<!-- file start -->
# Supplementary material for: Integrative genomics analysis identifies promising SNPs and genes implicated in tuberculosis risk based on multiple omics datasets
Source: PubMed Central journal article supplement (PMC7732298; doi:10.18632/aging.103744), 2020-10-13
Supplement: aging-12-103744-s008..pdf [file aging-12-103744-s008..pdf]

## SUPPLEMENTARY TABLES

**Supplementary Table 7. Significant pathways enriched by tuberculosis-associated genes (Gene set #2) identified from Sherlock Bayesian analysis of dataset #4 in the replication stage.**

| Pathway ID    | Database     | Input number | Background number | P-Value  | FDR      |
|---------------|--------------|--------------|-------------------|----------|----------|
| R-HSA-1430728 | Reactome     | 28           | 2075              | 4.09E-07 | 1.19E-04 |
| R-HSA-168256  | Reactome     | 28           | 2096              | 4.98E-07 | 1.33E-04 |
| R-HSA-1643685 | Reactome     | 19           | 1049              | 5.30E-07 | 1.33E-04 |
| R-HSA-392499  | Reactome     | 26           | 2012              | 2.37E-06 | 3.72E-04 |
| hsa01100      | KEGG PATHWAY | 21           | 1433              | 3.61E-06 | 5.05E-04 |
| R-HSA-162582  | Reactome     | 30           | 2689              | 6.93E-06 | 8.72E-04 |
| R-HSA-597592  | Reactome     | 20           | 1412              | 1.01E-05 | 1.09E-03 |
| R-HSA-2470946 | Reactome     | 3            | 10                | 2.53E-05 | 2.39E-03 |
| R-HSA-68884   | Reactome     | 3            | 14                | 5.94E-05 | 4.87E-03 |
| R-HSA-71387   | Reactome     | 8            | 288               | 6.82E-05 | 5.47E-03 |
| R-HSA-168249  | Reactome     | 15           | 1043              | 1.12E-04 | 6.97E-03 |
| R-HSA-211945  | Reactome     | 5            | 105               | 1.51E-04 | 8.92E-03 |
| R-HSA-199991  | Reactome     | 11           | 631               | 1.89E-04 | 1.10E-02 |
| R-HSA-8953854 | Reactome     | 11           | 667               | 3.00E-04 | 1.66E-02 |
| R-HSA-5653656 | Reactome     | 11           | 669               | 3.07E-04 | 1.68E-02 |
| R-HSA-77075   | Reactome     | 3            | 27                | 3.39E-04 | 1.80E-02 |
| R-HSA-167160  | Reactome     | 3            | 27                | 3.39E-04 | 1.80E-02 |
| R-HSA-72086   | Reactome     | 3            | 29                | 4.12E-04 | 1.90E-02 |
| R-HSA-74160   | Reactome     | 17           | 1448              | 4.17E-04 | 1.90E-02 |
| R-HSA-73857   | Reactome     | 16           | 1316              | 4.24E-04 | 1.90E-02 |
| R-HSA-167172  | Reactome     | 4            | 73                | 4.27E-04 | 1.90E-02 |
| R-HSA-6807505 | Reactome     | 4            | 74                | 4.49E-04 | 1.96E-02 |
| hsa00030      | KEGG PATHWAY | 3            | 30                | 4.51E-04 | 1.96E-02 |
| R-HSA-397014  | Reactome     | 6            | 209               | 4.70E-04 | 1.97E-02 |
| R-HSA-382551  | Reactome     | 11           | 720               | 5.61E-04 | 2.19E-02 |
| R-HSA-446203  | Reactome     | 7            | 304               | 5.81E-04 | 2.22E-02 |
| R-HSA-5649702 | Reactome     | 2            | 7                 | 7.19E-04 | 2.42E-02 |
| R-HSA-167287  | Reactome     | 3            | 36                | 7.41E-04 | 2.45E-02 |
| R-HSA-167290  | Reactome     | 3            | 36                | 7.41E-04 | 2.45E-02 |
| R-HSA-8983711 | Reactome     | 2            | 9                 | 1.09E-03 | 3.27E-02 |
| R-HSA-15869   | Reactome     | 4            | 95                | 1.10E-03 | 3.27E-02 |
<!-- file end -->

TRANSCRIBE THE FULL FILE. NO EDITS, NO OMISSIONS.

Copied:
# Supplementary material for: Integrative genomics analysis identifies promising SNPs and genes implicated in tuberculosis risk based on multiple omics datasets
Source: PubMed Central journal article supplement (PMC7732298; doi:10.18632/aging.103744), 2020-10-13
Supplement: aging-12-103744-s008..pdf [file aging-12-103744-s008..pdf]

## SUPPLEMENTARY TABLES

**Supplementary Table 7. Significant pathways enriched by tuberculosis-associated genes (Gene set #2) identified from Sherlock Bayesian analysis of dataset #4 in the replication stage.**

| Pathway ID    | Database     | Input number | Background number | P-Value  | FDR      |
|---------------|--------------|--------------|-------------------|----------|----------|
| R-HSA-1430728 | Reactome     | 28           | 2075              | 4.09E-07 | 1.19E-04 |
| R-HSA-168256  | Reactome     | 28           | 2096              | 4.98E-07 | 1.33E-04 |
| R-HSA-1643685 | Reactome     | 19           | 1049              | 5.30E-07 | 1.33E-04 |
| R-HSA-392499  | Reactome     | 26           | 2012              | 2.37E-06 | 3.72E-04 |
| hsa01100      | KEGG PATHWAY | 21           | 1433              | 3.61E-06 | 5.05E-04 |
| R-HSA-162582  | Reactome     | 30           | 2689              | 6.93E-06 | 8.72E-04 |
| R-HSA-597592  | Reactome     | 20           | 1412              | 1.01E-05 | 1.09E-03 |
| R-HSA-2470946 | Reactome     | 3            | 10                | 2.53E-05 | 2.39E-03 |
| R-HSA-68884   | Reactome     | 3            | 14                | 5.94E-05 | 4.87E-03 |
| R-HSA-71387   | Reactome     | 8            | 288               | 6.82E-05 | 5.47E-03 |
| R-HSA-168249  | Reactome     | 15           | 1043              | 1.12E-04 | 6.97E-03 |
| R-HSA-211945  | Reactome     | 5            | 105               | 1.51E-04 | 8.92E-03 |
| R-HSA-199991  | Reactome     | 11           | 631               | 1.89E-04 | 1.10E-02 |
| R-HSA-8953854 | Reactome     | 11           | 667               | 3.00E-04 | 1.66E-02 |
| R-HSA-5653656 | Reactome     | 11           | 669               | 3.07E-04 | 1.68E-02 |
| R-HSA-77075   | Reactome     | 3            | 27                | 3.39E-04 | 1.80E-02 |
| R-HSA-167160  | Reactome     | 3            | 27                | 3.39E-04 | 1.80E-02 |
| R-HSA-72086   | Reactome     | 3            | 29                | 4.12E-04 | 1.90E-02 |
| R-HSA-74160   | Reactome     | 17           | 1448              | 4.17E-04 | 1.90E-02 |
| R-HSA-73857   | Reactome     | 16           | 1316              | 4.24E-04 | 1.90E-02 |
| R-HSA-167172  | Reactome     | 4            | 73                | 4.27E-04 | 1.90E-02 |
| R-HSA-6807505 | Reactome     | 4            | 74                | 4.49E-04 | 1.96E-02 |
| hsa00030      | KEGG PATHWAY | 3            | 30                | 4.51E-04 | 1.96E-02 |
| R-HSA-397014  | Reactome     | 6            | 209               | 4.70E-04 | 1.97E-02 |
| R-HSA-382551  | Reactome     | 11           | 720               | 5.61E-04 | 2.19E-02 |
| R-HSA-446203  | Reactome     | 7            | 304               | 5.81E-04 | 2.22E-02 |
| R-HSA-5649702 | Reactome     | 2            | 7                 | 7.19E-04 | 2.42E-02 |
| R-HSA-167287  | Reactome     | 3            | 36                | 7.41E-04 | 2.45E-02 |
| R-HSA-167290  | Reactome     | 3            | 36                | 7.41E-04 | 2.45E-02 |
| R-HSA-8983711 | Reactome     | 2            | 9                 | 1.09E-03 | 3.27E-02 |
| R-HSA-15869   | Reactome     | 4            | 95                | 1.10E-03 | 3.27E-02 |